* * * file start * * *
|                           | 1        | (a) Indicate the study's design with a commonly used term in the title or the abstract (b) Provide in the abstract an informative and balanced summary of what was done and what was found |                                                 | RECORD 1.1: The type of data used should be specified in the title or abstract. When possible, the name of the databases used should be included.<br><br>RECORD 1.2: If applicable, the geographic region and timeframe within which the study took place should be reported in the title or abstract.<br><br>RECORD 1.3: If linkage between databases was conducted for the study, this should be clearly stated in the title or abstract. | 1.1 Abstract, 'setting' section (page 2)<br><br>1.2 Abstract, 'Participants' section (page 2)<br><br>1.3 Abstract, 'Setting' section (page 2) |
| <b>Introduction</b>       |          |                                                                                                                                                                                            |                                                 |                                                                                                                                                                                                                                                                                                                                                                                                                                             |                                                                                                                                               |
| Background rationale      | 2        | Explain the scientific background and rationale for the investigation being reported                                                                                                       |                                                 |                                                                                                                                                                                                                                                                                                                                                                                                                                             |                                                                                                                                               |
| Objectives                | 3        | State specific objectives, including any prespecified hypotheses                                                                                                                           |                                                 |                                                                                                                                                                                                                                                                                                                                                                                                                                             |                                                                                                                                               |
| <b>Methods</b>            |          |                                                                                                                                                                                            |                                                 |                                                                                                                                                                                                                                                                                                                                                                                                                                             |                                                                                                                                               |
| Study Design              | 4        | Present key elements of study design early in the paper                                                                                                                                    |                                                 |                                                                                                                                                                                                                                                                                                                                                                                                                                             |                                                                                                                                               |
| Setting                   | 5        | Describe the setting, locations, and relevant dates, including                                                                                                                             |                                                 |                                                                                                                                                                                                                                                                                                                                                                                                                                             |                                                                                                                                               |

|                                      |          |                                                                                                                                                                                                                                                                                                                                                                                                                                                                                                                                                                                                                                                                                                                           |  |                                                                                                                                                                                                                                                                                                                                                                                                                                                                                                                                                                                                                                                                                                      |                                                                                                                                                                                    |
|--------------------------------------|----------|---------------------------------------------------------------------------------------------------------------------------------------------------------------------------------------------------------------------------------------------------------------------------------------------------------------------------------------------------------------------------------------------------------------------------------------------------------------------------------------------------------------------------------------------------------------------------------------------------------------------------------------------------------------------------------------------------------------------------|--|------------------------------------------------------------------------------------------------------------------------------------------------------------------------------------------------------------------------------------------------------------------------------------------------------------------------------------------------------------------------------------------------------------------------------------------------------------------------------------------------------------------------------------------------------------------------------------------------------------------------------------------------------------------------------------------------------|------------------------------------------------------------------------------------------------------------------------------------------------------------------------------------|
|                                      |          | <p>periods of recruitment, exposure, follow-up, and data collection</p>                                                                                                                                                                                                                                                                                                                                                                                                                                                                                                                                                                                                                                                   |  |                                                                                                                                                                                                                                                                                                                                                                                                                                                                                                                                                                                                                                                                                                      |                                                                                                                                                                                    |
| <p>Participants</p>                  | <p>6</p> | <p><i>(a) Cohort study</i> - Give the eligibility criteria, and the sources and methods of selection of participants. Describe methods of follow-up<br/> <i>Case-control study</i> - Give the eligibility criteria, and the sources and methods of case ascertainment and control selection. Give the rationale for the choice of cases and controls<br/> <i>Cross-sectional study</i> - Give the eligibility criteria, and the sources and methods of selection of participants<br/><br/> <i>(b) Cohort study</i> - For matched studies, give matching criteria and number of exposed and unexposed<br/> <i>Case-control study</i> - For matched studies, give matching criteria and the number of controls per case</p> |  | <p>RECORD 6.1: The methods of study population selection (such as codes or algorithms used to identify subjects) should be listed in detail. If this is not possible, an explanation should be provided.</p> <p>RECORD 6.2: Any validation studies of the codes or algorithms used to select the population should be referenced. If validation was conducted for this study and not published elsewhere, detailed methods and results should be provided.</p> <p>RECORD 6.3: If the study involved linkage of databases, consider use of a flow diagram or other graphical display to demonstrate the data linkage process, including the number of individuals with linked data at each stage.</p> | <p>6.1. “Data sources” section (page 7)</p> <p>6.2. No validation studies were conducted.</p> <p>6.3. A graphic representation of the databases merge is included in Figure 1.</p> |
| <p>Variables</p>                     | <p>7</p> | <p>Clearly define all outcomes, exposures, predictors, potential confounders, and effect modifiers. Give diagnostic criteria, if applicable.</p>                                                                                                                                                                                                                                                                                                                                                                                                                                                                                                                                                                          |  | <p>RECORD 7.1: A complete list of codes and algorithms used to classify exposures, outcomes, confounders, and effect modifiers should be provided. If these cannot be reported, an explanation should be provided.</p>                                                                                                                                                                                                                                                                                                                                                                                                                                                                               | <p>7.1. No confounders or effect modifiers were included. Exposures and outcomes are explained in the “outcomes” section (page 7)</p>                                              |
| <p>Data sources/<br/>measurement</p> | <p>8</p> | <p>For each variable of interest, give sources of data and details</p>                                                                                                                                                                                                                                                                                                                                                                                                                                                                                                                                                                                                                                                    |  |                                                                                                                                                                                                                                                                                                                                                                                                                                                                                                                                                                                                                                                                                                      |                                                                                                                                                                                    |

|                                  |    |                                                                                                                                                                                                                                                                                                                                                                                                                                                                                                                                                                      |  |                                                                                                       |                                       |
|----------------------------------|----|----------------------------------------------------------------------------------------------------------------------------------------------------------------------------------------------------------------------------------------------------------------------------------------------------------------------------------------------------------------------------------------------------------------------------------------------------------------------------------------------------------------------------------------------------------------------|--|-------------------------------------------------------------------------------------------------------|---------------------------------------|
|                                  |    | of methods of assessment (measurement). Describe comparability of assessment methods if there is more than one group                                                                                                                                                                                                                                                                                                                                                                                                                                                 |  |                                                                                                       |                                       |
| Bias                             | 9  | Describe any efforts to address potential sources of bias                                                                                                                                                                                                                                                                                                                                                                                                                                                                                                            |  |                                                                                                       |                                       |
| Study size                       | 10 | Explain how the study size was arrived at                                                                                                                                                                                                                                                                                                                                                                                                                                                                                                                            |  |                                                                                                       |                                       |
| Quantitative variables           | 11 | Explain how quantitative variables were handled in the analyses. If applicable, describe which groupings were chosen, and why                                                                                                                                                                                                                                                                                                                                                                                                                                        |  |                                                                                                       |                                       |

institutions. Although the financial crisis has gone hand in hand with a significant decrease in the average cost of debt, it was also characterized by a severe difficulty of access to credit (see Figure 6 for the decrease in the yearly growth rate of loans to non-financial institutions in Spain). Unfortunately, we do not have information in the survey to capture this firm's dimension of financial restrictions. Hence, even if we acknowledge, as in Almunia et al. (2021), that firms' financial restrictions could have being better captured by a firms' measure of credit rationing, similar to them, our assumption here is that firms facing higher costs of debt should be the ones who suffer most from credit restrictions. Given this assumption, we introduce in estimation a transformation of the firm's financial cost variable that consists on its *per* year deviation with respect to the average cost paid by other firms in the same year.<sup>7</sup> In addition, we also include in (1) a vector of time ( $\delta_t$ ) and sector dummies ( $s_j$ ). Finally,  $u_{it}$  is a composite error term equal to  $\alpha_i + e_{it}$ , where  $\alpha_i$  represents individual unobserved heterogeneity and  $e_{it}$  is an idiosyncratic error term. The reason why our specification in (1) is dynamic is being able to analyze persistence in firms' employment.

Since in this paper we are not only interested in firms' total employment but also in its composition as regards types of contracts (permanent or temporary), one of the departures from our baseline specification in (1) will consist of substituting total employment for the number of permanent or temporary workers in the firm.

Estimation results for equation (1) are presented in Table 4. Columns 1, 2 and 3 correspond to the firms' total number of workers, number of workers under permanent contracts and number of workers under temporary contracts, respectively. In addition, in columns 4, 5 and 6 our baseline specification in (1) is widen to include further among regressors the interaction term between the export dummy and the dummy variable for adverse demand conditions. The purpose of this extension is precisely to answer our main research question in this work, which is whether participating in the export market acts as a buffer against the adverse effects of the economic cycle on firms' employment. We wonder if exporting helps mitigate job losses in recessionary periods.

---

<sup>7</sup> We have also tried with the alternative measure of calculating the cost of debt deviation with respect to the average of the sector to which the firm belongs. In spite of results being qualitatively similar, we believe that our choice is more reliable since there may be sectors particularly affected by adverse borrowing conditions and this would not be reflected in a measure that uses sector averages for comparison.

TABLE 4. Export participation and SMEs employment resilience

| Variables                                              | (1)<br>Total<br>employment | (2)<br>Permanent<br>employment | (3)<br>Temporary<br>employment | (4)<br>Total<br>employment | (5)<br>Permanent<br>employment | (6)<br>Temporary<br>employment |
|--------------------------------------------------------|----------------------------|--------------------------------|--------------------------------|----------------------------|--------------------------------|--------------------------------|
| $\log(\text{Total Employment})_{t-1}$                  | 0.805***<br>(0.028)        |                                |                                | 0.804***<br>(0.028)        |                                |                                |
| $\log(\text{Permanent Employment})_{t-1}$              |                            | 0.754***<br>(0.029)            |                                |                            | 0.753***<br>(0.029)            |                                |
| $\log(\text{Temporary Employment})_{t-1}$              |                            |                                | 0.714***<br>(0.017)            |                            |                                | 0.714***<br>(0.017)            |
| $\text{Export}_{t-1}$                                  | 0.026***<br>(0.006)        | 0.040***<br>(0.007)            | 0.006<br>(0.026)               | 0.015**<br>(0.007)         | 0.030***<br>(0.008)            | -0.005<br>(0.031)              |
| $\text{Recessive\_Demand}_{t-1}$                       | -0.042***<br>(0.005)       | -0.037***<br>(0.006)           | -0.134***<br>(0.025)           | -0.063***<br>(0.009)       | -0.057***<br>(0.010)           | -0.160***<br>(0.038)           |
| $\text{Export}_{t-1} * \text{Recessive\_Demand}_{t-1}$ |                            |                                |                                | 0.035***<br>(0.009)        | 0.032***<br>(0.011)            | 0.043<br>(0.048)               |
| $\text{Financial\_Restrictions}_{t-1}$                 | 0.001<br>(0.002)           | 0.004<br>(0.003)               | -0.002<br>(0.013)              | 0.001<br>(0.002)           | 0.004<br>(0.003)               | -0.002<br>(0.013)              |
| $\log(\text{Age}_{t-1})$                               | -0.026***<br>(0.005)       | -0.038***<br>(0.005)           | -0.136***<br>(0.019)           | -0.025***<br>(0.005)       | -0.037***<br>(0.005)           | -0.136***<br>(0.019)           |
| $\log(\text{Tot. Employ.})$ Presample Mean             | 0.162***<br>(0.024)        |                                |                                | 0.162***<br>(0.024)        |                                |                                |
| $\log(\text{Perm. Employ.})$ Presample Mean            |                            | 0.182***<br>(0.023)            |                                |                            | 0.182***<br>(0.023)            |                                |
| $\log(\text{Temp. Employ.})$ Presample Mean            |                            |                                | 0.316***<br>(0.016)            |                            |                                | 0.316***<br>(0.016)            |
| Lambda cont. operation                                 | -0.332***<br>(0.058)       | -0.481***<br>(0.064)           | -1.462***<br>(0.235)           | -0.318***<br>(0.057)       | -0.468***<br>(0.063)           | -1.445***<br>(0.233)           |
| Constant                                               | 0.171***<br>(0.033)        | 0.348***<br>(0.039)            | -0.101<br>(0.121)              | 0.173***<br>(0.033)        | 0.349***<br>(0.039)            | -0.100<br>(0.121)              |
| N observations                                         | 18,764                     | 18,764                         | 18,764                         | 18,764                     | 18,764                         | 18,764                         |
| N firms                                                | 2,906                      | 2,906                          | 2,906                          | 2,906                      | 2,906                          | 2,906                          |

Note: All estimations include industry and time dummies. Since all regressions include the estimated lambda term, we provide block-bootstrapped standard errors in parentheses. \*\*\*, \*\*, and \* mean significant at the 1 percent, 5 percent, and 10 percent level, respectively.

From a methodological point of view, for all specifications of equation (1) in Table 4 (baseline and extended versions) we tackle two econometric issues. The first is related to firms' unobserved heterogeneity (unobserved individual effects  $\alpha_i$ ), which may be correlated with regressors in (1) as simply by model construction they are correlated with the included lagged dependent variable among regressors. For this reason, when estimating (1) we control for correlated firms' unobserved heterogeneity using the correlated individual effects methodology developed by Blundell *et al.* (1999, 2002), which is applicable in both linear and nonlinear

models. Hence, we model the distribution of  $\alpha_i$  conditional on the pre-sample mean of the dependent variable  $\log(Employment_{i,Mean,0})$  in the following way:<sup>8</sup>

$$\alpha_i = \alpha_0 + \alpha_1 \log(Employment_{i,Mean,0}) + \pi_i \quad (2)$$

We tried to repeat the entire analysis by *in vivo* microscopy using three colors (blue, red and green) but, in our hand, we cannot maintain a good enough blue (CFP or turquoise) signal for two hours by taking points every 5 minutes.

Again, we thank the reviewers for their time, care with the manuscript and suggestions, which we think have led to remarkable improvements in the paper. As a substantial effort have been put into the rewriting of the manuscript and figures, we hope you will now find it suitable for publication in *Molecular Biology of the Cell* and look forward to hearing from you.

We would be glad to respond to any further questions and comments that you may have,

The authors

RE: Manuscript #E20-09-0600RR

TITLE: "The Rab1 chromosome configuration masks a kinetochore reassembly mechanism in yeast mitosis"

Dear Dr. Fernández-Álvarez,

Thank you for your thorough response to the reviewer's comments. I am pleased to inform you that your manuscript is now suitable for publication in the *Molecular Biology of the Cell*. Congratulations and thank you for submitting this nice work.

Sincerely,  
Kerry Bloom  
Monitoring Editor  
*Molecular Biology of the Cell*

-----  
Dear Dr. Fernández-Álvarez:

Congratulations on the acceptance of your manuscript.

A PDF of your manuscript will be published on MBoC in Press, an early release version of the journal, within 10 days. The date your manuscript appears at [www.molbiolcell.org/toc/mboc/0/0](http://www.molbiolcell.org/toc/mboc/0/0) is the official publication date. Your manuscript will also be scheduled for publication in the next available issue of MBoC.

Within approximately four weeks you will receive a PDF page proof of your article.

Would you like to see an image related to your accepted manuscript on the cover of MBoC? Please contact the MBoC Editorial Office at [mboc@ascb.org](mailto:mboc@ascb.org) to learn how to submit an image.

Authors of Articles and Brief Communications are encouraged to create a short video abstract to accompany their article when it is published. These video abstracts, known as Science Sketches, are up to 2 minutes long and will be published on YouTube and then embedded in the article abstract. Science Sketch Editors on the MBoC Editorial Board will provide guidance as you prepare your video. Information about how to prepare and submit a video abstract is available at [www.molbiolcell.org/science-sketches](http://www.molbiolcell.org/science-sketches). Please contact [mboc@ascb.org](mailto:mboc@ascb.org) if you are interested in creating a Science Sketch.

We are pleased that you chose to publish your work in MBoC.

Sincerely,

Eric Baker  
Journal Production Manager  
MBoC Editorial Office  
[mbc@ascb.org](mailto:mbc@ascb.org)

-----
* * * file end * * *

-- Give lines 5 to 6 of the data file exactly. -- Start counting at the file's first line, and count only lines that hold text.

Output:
| <b>Methods</b>            |          |                                                                                                                                                                                            |                                                 |                                                                                                                                                                                                                                                                                                                                                                                                                                             |                                                                                                                                               |
| Study Design              | 4        | Present key elements of study design early in the paper                                                                                                                                    |                                                 |                                                                                                                                                                                                                                                                                                                                                                                                                                             |                                                                                                                                               |